Over the second quarter of 2019 foreign takeovers of London Stock Exchange-listed companies doubled in value to £18.4 billion, with buyers encouraged by weakness in the pound and Brexit uncertainty pushing down valuations. And earlier this week it looked very much like the latest major British public company to be taken over by a foreign buyer could be the London Stock Exchange itself. The company that runs Europe’s biggest stock exchange was subject to a £32 billion approach from its Asian peer – Hong Kong Exchanges and Clearing.
Hong Kong Exchanges made the announcement earlier this week that it planned an £83.61 ‘cash-and-shares’ offer for London Stock Exchange – but only if it withdraws from its planned $27 billion acquisition of financial data company Refinitiv. It sounded like a potentially good offer, given LSE’s share price was sitting at around £67.24 prior to the announcement of interest being made. However, it is now thought there is a significant chance any deal would be blocked by regulators, even if the two stock exchange companies are able to reach agreement on a price. LSE itself also did not react warmly, calling the approach:
“unsolicited, preliminary and highly conditional”.
The biggest objection it is believed regulators would have is that Hong Kong Exchanges and Clearing is partly owned by the Hong Kong government. That would likely lead to concerns over the potential for a key strategic component of western capitalist infrastructure to in turn fall under the influence of Beijing.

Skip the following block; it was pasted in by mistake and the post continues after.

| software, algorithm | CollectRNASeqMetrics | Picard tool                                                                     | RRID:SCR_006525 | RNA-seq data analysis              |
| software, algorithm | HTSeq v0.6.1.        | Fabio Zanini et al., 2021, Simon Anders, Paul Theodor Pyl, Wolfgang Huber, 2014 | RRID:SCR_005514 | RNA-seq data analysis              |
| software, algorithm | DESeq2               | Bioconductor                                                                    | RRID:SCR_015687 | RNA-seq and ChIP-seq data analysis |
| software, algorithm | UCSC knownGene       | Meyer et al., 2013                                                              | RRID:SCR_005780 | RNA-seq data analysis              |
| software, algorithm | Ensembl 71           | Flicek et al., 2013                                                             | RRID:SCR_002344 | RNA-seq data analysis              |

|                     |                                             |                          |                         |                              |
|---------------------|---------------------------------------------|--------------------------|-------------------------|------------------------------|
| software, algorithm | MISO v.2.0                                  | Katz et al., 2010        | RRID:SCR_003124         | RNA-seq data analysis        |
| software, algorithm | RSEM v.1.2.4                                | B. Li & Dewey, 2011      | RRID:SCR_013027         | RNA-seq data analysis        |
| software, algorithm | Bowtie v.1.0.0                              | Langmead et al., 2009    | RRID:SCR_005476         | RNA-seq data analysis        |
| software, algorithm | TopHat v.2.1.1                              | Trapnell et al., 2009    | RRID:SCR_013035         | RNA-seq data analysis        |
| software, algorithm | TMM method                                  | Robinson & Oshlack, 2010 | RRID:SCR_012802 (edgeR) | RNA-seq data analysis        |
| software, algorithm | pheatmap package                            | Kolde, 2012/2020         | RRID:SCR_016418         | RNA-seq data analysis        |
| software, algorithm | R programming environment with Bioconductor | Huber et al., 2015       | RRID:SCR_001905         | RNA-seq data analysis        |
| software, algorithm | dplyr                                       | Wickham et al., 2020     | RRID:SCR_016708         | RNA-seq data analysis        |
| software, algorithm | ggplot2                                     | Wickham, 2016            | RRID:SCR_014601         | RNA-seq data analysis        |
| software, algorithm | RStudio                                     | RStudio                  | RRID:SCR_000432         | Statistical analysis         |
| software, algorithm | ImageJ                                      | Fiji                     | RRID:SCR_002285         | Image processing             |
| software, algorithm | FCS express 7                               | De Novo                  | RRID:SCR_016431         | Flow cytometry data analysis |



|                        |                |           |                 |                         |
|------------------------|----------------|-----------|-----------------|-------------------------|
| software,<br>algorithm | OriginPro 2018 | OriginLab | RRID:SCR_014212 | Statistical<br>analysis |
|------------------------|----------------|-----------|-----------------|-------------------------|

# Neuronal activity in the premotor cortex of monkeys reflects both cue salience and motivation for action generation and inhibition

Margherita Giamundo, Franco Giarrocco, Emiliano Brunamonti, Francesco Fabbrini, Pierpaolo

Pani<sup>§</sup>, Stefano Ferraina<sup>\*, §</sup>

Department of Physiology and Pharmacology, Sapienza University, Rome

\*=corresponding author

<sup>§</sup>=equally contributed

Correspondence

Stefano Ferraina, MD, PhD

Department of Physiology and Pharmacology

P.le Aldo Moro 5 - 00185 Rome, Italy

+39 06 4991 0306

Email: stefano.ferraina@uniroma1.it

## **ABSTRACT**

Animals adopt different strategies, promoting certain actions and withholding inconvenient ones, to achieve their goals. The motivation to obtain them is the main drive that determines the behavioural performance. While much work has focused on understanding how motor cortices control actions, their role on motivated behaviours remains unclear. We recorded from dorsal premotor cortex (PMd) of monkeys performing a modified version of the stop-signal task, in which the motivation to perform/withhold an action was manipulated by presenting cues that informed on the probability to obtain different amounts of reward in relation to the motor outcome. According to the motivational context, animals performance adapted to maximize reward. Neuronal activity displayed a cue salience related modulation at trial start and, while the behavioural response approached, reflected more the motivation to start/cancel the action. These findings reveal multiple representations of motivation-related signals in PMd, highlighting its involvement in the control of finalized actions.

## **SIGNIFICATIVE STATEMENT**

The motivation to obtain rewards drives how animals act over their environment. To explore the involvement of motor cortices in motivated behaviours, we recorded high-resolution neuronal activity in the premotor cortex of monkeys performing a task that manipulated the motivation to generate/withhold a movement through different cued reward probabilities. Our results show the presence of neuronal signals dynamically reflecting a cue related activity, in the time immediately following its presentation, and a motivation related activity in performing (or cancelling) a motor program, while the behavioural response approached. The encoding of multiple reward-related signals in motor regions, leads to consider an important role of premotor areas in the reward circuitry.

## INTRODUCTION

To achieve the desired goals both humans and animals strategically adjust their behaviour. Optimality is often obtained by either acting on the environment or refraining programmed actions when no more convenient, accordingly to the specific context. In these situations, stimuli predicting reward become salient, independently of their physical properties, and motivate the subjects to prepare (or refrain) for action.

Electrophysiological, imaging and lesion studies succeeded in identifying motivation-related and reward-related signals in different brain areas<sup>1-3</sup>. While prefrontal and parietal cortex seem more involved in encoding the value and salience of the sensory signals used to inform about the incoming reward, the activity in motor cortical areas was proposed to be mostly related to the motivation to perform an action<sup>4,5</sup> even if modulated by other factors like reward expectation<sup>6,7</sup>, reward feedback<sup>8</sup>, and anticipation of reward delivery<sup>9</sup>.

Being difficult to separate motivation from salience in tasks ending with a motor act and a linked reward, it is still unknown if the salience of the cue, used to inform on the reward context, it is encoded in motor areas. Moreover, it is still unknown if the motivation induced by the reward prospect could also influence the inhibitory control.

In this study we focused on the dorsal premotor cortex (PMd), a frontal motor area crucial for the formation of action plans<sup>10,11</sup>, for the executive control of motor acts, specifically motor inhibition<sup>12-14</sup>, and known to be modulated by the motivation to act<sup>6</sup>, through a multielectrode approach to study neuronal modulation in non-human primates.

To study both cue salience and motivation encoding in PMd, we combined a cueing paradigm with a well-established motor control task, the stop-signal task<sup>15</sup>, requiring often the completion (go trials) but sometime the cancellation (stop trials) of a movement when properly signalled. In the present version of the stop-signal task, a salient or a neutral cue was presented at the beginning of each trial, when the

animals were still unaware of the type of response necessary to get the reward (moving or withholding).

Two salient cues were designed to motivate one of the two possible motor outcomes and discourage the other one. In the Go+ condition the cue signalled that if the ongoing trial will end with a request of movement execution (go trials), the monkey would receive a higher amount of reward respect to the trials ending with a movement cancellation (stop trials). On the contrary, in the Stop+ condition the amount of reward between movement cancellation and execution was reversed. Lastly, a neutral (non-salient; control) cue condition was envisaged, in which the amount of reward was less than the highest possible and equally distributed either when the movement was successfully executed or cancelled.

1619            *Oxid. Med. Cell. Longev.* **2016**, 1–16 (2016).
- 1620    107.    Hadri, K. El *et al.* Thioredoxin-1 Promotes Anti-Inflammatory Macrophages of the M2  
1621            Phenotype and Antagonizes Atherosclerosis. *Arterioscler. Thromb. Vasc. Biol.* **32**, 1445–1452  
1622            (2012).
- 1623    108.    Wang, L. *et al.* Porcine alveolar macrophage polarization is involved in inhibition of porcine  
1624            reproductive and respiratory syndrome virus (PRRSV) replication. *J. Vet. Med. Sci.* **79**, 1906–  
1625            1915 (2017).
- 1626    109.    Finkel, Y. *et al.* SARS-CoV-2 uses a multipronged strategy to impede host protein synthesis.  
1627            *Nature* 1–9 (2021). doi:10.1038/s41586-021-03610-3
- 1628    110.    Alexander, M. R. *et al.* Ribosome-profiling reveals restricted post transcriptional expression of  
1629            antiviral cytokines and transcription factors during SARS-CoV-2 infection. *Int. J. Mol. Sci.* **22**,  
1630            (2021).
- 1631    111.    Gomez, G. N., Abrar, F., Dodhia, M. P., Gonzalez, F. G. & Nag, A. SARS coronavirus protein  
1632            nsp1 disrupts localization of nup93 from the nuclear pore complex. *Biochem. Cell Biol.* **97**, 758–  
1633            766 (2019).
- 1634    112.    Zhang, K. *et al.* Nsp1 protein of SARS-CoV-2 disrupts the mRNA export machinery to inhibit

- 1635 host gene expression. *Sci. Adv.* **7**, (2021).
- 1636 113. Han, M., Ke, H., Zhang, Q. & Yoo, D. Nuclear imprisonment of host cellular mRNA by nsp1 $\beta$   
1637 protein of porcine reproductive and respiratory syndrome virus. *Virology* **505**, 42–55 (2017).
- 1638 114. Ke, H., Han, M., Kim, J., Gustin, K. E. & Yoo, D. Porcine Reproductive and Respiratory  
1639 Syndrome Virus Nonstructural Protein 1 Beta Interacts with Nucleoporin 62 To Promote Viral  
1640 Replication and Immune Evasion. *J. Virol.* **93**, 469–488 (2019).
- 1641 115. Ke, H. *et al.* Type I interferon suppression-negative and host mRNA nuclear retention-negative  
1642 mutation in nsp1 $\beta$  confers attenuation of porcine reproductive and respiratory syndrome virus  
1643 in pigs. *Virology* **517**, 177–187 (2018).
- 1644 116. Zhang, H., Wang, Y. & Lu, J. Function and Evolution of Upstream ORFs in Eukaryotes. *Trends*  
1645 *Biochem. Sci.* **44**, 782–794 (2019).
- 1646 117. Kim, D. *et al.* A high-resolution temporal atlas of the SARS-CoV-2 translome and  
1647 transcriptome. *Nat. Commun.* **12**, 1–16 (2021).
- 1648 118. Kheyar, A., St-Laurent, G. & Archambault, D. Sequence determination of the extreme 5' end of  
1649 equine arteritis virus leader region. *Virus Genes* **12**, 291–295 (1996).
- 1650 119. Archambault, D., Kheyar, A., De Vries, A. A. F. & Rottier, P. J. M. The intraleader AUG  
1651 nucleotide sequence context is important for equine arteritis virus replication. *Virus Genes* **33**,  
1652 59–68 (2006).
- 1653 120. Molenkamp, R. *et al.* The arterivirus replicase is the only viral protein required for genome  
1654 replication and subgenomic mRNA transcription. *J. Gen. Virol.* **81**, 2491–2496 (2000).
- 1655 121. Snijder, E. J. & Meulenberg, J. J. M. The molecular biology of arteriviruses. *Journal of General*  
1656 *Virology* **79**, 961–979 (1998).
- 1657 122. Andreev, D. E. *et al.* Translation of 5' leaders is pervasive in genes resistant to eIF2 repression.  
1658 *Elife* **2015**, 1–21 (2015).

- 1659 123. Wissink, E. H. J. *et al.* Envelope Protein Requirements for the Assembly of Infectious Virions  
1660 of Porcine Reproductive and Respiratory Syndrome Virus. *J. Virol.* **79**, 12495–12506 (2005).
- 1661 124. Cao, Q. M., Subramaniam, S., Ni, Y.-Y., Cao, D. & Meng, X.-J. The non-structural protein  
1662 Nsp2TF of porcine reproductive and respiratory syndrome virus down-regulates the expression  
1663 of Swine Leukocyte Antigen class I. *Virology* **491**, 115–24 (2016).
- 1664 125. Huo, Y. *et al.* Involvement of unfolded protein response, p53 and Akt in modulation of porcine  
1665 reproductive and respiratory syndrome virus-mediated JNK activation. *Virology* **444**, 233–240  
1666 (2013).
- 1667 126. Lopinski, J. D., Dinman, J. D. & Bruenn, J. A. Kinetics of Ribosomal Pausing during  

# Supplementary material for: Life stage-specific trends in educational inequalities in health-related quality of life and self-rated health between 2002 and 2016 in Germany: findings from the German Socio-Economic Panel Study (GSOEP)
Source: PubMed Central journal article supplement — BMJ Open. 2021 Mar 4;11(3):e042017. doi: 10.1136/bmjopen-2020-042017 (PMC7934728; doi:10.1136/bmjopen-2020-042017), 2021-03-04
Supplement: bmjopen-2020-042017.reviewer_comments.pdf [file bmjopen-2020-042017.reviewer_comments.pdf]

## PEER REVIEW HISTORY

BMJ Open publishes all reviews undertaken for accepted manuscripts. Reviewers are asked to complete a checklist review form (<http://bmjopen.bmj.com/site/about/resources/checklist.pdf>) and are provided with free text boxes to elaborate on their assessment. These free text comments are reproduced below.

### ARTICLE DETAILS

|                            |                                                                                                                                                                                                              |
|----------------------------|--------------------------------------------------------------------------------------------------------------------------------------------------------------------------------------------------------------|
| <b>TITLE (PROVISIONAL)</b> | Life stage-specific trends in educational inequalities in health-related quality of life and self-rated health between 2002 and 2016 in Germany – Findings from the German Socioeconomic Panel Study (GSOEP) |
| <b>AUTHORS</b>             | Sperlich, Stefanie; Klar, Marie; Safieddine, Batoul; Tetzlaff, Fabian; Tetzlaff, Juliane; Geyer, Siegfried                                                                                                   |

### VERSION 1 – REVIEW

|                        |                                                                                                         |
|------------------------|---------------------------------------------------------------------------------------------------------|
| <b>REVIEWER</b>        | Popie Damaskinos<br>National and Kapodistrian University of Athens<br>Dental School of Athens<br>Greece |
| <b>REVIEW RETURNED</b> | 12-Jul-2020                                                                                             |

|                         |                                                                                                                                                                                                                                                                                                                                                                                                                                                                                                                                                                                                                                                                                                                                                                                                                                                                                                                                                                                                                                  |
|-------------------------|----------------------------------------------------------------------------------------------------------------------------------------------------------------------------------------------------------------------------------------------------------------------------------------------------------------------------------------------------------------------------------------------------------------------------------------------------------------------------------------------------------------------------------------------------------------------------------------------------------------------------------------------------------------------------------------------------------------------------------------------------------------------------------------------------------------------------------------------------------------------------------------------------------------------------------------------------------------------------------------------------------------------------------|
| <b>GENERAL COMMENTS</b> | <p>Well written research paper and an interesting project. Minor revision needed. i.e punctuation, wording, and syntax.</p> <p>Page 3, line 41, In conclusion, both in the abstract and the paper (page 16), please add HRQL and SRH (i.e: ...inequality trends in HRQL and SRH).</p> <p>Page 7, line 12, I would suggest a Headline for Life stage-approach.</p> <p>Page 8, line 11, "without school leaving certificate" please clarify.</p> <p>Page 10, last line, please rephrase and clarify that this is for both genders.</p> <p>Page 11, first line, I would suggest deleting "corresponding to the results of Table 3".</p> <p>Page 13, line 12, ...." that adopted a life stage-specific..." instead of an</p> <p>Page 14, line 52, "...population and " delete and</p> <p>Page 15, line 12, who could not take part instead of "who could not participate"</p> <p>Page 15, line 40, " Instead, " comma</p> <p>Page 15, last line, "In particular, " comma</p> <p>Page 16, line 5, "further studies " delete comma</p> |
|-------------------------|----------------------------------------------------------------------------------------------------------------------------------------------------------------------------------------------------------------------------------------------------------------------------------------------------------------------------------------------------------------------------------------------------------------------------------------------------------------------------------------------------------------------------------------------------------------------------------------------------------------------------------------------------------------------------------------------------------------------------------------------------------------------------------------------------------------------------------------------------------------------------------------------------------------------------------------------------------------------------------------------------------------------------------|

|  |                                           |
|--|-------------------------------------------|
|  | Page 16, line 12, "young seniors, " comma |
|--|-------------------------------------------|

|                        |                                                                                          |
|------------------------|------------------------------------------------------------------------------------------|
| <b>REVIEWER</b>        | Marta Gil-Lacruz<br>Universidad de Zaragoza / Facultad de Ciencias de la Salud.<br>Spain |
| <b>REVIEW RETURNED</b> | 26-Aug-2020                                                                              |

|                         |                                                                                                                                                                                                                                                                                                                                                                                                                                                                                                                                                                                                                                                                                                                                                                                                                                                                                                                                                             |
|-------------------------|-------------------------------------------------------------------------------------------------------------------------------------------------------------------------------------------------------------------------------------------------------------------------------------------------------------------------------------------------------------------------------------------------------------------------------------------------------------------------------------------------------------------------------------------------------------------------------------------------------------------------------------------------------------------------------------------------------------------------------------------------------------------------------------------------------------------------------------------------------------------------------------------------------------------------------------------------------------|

Xavier Rolet, a former London Stock Exchange chief executive who is head of CQS, the hedge fund group, commented that he would expect the US Commodity Futures Trading Commission, the US regulator, would have serious reservations about such a deal:
“Ninety per cent of US interest rate swaps are now cleared in London. It feels like a challenging proposition.”
The UK government and Bank of England are also likely to have reservations. LSE operates the wholesale markets’ plumbing and is regarded by the Bank of England as systemically crucial. An entity that combined HKEX and the LSE would also create a global player to rival US exchange groups ICE and CME.
Merging major financial exchanges has historically proven a very difficult task. The most notable recent example of which also involved the LSE. In 2017 a proposed merger with Deutsche Börse, which runs the Frankfurt exchange, was blocked by the European Commission on the grounds that it would have a negative impact on competition across the region, with other smaller local exchanges losing out.